(Dakar) - Ivorian militias and Liberian mercenaries loyal to Laurent Gbagbo killed at least 37 West African immigrants in a village near the border with Liberia on March 22, 2011, Human Rights Watch said today. In response to the intensifying abuses and descent into civil war, the United Nations Security Council on March 30 imposed strong measures on Gbagbo, the incumbent president, who has refused to step down and cede power to his rival, Alassane Ouattara.
Witnesses in Côte d'Ivoire told Human Rights Watch that armed men, some in uniform and others in civilian clothes, massacred the villagers, presumed to be Ouattara supporters, possibly in retaliation for the capture of nearby areas by pro-Ouattara forces. Several other witnesses described numerous incidents in which real or perceived Ouattara supporters were killed by pro-Gbagbo security forces and militiamen in Abidjan. Ouattara's troops are spreading south and east, seizing several key towns, including the political capital, Yamoussoukro, and moving toward Abidjan, the commercial capital, in a very fluid situation.
"Côte d'Ivoire has reached the boiling point," said Daniel Bekele, Africa director at Human Rights Watch. "We are extremely concerned about the potential for further human rights atrocities, given the killings by both sides and the continued incitement to violence through the media by Gbagbo cronies."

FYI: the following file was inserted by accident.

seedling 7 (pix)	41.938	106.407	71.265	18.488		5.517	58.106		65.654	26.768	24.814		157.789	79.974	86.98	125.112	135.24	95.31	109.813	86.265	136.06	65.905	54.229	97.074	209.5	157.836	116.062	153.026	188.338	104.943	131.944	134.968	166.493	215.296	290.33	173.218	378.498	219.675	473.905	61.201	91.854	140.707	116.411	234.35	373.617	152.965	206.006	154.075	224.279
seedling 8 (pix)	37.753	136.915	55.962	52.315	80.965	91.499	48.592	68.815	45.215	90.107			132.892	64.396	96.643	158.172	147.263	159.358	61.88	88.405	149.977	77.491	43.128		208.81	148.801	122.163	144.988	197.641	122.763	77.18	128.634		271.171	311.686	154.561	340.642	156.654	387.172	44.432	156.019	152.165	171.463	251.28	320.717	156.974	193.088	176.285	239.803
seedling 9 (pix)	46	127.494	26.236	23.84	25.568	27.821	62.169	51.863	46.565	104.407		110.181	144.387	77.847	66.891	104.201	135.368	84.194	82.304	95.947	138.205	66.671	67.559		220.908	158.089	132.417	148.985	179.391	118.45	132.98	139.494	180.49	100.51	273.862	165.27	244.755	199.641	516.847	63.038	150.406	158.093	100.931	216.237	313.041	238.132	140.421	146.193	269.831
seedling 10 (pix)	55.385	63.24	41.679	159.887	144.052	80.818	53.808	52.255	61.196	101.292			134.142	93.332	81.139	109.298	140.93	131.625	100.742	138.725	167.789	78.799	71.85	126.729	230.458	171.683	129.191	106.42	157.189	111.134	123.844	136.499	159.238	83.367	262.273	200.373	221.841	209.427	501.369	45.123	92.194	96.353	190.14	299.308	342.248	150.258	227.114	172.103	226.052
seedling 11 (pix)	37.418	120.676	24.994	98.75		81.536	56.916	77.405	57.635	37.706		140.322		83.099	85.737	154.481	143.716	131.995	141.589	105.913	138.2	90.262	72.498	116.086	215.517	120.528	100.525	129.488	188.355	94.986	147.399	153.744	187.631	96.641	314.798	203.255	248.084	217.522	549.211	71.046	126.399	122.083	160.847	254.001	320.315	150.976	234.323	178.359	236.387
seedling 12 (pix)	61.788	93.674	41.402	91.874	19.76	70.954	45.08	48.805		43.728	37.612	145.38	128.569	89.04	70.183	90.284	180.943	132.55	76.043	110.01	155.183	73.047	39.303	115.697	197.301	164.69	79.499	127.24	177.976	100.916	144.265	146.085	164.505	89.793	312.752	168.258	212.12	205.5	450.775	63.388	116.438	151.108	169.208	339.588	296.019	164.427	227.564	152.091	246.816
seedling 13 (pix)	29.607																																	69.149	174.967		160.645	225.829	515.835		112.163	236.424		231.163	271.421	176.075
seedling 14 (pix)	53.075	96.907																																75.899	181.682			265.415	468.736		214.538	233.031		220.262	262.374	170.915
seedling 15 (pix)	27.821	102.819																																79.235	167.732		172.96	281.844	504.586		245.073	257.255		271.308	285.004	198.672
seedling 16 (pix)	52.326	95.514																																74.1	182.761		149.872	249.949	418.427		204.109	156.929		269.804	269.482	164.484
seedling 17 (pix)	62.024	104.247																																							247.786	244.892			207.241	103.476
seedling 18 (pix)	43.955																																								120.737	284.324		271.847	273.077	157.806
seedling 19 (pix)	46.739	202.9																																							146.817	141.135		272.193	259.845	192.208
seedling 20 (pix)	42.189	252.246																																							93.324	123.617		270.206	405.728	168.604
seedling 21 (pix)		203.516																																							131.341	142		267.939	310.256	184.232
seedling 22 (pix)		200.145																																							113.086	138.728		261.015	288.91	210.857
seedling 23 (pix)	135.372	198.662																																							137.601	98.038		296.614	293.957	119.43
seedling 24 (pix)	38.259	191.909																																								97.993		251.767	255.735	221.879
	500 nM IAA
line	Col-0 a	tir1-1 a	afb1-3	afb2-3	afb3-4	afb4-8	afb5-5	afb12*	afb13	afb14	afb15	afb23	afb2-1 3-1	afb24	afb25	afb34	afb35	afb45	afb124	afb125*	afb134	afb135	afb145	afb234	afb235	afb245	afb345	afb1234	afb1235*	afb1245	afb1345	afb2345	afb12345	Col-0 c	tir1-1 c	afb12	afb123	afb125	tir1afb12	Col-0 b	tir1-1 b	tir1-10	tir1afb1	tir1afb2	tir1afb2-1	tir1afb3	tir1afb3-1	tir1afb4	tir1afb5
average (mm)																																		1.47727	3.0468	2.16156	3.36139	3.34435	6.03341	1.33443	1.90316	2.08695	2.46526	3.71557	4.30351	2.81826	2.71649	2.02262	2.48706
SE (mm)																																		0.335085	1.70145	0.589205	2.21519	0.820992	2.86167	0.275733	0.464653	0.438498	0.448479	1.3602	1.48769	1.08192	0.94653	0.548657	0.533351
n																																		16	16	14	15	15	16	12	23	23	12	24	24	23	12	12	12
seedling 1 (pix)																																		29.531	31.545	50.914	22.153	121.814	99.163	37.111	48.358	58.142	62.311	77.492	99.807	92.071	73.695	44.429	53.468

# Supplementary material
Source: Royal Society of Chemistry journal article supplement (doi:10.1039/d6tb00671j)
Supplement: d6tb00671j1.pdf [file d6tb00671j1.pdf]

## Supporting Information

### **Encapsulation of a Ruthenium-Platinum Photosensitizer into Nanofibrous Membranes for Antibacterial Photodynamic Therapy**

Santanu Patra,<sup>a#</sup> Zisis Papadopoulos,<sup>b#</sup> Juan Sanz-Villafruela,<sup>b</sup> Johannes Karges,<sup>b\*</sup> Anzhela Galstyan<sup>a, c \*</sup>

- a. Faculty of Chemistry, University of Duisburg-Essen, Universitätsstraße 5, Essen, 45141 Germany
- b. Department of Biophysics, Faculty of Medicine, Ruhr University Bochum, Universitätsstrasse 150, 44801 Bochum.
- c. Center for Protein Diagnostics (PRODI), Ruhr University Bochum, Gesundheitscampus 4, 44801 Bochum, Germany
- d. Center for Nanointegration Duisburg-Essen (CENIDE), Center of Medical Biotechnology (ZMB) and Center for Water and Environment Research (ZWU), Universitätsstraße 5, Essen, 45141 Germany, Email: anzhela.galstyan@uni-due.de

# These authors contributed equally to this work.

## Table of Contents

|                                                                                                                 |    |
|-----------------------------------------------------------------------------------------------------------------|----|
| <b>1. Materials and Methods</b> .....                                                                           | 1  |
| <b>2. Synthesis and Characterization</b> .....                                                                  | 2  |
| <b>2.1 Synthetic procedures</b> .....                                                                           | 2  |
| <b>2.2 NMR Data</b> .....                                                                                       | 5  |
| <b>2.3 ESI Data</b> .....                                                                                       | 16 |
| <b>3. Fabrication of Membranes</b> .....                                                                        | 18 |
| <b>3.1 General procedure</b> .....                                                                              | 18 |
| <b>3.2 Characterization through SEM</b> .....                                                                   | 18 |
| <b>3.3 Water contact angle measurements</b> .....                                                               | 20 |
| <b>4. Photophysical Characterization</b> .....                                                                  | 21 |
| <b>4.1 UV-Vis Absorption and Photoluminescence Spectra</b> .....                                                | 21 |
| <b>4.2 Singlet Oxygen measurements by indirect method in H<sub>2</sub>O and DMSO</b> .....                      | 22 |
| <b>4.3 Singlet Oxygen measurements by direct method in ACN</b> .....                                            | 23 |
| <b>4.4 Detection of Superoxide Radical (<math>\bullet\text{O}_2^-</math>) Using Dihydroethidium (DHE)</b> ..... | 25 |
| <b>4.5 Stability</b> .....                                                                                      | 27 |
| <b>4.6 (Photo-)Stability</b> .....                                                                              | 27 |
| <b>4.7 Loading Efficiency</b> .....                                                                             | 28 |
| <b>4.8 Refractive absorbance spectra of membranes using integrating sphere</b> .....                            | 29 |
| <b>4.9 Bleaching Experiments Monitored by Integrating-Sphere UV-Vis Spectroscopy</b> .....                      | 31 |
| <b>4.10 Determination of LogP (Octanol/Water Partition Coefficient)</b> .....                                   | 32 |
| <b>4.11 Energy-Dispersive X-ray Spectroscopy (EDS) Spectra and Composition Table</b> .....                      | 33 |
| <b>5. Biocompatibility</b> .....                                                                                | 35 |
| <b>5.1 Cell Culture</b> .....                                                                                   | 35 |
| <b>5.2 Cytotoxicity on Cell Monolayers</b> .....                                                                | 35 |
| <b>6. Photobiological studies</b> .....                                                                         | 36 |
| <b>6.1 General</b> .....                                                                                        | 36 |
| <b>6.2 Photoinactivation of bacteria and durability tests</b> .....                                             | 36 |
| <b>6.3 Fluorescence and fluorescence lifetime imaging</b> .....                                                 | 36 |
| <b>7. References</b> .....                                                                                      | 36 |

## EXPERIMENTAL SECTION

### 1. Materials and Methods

In a four-month organized campaign of human rights abuses, which probably rise to the level of crimes against humanity, Gbagbo's forces have killed, "disappeared," and raped real and perceived supporters of Ouattara, Human Rights Watch has found. Armed men supporting Ouattara have also engaged in numerous extrajudicial executions of presumed pro-Gbagbo fighters and supporters.
According to UN estimates, approximately 500 people, the vast majority civilians, have lost their lives as a result of the violence. In March alone, forces aligned with Gbagbo killed at least 50 civilians by firing mortars into neighborhoods known to be Ouattara strongholds. Pro-Gbagbo forces have also beaten and hacked and burned to death numerous perceived Ouattara supporters at checkpoints set up by militias.
On March 25, the UN High Commissioner for Refugees (UNHCR) estimated that between 700,000 and one million people have been displaced, largely from Abidjan. On March 29, UNHCR reported that 116,000 Ivorians have fled to eight West African countries: Liberia, Ghana, Togo, Guinea, Mali, Burkina Faso, Benin, and Nigeria.